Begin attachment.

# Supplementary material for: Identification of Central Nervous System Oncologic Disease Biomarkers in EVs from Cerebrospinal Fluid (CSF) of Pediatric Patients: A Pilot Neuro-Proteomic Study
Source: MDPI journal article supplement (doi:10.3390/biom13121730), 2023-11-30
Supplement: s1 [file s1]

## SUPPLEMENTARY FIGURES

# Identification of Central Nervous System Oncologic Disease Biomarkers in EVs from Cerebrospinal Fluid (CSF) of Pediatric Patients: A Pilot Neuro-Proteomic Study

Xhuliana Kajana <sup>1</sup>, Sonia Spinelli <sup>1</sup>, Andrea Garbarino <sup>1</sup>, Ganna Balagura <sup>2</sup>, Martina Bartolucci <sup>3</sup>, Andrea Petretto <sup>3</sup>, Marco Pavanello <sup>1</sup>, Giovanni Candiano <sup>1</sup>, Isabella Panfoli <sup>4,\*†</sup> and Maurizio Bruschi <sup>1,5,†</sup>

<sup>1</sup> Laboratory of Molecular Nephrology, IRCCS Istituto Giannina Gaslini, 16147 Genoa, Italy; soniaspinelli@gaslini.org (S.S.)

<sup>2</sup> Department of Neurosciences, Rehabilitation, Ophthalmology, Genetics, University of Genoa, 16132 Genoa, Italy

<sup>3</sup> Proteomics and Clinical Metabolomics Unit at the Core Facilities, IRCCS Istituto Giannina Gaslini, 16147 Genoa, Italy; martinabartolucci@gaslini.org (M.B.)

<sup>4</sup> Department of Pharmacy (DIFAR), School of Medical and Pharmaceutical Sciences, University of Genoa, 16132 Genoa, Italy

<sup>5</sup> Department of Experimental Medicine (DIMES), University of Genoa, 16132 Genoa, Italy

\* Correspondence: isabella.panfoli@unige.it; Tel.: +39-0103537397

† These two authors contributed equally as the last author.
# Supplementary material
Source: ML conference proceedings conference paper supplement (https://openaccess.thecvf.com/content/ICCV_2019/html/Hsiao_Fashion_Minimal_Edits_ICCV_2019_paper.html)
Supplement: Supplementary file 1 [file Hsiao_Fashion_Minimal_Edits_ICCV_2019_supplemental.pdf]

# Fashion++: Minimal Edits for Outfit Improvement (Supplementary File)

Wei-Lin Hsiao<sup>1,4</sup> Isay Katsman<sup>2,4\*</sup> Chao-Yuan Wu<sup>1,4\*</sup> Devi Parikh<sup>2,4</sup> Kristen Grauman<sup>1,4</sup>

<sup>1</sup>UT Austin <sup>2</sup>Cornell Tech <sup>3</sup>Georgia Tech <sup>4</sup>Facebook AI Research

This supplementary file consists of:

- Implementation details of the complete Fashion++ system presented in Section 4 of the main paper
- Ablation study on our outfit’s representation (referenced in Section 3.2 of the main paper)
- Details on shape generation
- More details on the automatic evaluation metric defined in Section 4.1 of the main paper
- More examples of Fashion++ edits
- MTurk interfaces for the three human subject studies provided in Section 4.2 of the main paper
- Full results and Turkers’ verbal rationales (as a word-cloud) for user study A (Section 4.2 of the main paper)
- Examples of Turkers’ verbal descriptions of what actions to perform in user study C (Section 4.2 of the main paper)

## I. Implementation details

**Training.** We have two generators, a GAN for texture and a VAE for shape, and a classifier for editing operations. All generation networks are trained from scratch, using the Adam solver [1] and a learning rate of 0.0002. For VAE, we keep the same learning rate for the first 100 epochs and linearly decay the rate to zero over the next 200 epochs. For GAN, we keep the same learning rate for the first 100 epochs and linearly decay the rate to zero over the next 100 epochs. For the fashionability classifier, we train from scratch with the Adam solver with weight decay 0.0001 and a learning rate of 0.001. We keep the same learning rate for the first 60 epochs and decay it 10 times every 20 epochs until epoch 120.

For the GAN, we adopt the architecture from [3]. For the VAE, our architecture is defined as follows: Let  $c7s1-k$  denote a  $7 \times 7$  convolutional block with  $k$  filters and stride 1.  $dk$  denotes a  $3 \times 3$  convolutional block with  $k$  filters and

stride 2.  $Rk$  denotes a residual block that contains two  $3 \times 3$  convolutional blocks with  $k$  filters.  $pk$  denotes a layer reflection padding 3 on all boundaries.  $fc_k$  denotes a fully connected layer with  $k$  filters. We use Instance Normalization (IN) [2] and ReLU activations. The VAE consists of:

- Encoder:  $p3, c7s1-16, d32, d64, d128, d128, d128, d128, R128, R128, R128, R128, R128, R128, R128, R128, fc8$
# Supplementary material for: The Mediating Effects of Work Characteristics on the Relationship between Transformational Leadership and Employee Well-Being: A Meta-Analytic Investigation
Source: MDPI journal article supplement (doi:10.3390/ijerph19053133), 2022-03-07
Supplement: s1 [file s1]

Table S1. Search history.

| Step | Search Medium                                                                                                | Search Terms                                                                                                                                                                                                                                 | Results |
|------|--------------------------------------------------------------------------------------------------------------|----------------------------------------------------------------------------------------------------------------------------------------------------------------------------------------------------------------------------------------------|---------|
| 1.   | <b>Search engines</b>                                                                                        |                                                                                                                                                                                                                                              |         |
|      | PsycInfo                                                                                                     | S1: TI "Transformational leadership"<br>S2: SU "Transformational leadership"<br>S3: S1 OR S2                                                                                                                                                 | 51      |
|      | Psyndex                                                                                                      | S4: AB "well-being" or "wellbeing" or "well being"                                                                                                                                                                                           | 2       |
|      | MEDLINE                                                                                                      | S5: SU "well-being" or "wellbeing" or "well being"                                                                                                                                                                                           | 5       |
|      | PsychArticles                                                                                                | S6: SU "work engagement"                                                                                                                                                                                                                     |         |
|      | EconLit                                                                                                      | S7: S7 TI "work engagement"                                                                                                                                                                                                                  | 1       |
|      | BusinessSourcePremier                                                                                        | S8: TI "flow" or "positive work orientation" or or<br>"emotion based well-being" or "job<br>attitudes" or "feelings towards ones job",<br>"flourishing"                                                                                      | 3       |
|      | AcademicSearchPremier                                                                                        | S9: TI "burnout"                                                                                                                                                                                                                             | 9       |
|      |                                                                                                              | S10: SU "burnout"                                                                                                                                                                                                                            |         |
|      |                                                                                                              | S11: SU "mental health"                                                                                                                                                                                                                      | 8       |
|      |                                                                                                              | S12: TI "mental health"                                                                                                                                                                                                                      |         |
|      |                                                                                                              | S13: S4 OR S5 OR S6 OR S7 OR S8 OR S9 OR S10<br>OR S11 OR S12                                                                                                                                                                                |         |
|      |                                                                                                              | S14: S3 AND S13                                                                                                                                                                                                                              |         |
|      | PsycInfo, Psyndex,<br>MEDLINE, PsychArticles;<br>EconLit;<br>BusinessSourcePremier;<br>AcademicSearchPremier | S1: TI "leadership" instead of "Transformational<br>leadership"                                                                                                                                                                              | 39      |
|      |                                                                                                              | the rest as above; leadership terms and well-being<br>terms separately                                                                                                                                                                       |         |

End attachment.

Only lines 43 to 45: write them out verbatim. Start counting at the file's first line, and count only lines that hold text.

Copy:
|      | MEDLINE                                                                                                      | S5: SU "well-being" or "wellbeing" or "well being"                                                                                                                                                                                           | 5       |
|      | PsychArticles                                                                                                | S6: SU "work engagement"                                                                                                                                                                                                                     |         |
|      | EconLit                                                                                                      | S7: S7 TI "work engagement"                                                                                                                                                                                                                  | 1       |